It is the story of four sisters, born to different wives of Gibril Kholifa, in Sierra Leone. There is little to suggest their connection to each other as it is not until the later years that they feature in each others stories.
The tale does gradually build up a picture of the role women play in Sierra Leone i.e. chattels to the men. However their independent spirits slowly emerge as the twentieth century progresses. A distinction is also made between the cultural lifestyles of the western world and these third world countries. ( )
  HelenBaker | Apr 23, 2011 |
The book tells the life stories of women in the Kholifa family, across multiple generations and 70+ years. While the book includes a family tree diagram in the opening, the book can be read without it, or in any order, such is its lyrical, poetic and connected nature. Unlike 100 Years of Solitude by Marquez, Ancestor Stones almost never explains the relations between the characters, including the matriarchs, daughters, aunts who, as the story progresses proceed through each of those roles. The book is set in Sierra Leone, and the reader is exposed to the admixture of tribal, Muslim, and missionary Christian cultures. At times poignant and sad, the book drives forward with matter-of-fact life-changing events such as war, regime change, independence, fire, betrayal, marriage, but without these events overshadowing or corrupting the sophisticated and subtle maturation of the women. ( )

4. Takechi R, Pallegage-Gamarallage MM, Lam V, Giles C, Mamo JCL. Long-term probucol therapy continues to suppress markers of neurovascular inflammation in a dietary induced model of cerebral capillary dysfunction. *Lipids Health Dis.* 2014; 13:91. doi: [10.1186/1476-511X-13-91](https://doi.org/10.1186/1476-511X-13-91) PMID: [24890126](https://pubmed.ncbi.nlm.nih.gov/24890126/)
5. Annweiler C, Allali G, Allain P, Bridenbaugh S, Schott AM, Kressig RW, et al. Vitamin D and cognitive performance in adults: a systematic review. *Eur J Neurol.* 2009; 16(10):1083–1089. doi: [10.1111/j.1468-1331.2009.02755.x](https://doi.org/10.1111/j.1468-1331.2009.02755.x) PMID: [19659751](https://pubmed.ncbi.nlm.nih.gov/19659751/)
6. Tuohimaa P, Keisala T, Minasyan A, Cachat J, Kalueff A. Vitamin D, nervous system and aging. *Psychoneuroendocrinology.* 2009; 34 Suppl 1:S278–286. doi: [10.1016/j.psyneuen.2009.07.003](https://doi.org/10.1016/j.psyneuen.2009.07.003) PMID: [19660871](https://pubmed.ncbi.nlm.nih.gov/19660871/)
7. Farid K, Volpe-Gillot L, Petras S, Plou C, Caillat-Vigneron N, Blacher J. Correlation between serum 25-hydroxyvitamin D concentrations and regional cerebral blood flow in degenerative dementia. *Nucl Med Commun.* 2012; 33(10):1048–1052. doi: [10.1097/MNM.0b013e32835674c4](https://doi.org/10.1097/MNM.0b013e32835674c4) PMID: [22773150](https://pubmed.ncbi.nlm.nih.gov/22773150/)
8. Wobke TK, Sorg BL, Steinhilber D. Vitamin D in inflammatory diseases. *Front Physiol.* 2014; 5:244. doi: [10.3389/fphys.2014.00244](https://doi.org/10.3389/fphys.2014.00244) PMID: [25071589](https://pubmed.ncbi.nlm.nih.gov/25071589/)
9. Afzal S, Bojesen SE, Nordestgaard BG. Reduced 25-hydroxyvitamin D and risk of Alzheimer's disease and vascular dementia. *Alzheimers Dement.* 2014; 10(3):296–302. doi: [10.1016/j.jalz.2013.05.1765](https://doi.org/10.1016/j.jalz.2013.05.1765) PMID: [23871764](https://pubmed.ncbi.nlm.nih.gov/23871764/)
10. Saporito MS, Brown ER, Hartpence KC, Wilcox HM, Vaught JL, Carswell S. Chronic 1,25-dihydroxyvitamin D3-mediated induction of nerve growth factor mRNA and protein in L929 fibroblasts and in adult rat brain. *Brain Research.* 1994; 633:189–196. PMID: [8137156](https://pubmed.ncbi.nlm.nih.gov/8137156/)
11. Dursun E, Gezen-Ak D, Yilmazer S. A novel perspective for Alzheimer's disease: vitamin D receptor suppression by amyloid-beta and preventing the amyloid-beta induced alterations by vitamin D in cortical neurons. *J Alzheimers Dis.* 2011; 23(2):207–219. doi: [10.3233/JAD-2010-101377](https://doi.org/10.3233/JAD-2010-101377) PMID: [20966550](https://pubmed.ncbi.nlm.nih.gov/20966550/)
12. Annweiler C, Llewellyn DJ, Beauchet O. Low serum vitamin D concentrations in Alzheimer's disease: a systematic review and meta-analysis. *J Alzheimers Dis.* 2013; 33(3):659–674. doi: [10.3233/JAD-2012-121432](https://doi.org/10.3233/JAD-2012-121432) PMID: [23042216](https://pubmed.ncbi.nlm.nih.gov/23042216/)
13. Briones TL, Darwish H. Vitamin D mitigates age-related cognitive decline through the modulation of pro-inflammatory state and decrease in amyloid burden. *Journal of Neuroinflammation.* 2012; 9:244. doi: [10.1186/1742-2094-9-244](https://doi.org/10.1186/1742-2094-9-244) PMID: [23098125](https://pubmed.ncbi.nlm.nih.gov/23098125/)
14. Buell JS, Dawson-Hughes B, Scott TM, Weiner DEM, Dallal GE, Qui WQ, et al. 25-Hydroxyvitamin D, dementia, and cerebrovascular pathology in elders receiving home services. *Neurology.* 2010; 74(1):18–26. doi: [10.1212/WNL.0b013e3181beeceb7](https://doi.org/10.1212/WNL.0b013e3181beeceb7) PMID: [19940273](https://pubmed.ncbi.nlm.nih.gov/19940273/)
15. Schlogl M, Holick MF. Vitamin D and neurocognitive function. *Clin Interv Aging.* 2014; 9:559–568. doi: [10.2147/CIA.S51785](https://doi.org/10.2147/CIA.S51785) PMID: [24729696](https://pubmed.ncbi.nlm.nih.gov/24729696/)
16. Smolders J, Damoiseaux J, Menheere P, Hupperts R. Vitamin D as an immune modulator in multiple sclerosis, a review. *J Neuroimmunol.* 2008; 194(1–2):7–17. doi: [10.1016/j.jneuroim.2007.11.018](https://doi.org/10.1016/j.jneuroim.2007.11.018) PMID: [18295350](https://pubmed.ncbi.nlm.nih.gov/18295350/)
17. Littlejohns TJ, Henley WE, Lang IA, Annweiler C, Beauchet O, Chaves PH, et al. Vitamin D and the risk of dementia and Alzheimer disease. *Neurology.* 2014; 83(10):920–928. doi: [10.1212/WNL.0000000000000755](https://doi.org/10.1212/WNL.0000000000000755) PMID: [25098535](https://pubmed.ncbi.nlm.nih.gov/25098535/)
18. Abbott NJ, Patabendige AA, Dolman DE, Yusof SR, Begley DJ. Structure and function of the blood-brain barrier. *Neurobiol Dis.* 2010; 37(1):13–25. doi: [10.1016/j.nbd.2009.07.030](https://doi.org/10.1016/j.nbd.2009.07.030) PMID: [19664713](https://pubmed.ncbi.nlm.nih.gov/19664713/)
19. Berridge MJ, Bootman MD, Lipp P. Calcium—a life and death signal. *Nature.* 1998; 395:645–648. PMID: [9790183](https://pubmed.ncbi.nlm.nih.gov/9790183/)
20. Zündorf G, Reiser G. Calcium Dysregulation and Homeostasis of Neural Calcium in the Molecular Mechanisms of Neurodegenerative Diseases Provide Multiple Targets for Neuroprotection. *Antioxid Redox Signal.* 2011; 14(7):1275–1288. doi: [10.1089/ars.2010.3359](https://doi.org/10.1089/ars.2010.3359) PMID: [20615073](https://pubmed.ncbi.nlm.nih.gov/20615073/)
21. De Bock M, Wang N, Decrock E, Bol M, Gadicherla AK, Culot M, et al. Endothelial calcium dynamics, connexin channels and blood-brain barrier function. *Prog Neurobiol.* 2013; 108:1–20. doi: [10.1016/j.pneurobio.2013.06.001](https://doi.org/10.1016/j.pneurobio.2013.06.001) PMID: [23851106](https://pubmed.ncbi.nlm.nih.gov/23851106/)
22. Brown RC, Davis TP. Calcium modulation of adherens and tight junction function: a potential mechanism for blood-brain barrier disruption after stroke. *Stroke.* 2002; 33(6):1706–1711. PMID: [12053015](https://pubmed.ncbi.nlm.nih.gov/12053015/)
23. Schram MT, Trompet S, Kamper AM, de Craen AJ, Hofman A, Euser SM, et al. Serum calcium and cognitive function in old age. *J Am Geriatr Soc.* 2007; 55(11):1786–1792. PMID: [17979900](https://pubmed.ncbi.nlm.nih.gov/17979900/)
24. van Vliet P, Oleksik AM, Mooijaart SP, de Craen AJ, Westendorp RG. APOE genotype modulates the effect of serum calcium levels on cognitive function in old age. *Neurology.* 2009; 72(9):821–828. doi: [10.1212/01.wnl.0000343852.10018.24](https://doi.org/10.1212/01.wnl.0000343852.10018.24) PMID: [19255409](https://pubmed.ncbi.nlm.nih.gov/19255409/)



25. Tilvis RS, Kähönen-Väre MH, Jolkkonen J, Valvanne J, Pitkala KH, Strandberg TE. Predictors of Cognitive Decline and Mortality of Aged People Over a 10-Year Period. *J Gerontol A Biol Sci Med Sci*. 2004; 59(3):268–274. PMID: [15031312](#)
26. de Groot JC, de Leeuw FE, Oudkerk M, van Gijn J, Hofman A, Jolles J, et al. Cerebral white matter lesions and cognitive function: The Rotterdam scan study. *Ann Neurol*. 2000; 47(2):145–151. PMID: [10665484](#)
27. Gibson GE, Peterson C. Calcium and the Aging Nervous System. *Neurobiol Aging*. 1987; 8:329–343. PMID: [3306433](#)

shawnd | Aug 30, 2010 |
This a beautiful, thoughtful piece of work to be read and savored. The protagonist, Albie, has moved from Sierra Leone with her family to settle in the UK. She receives a letter from Sierra Leone informing her that her grandfather's coffee plantation is now hers and is waiting for her. Compelled by her curiosity, she travels back to Africa to find out more.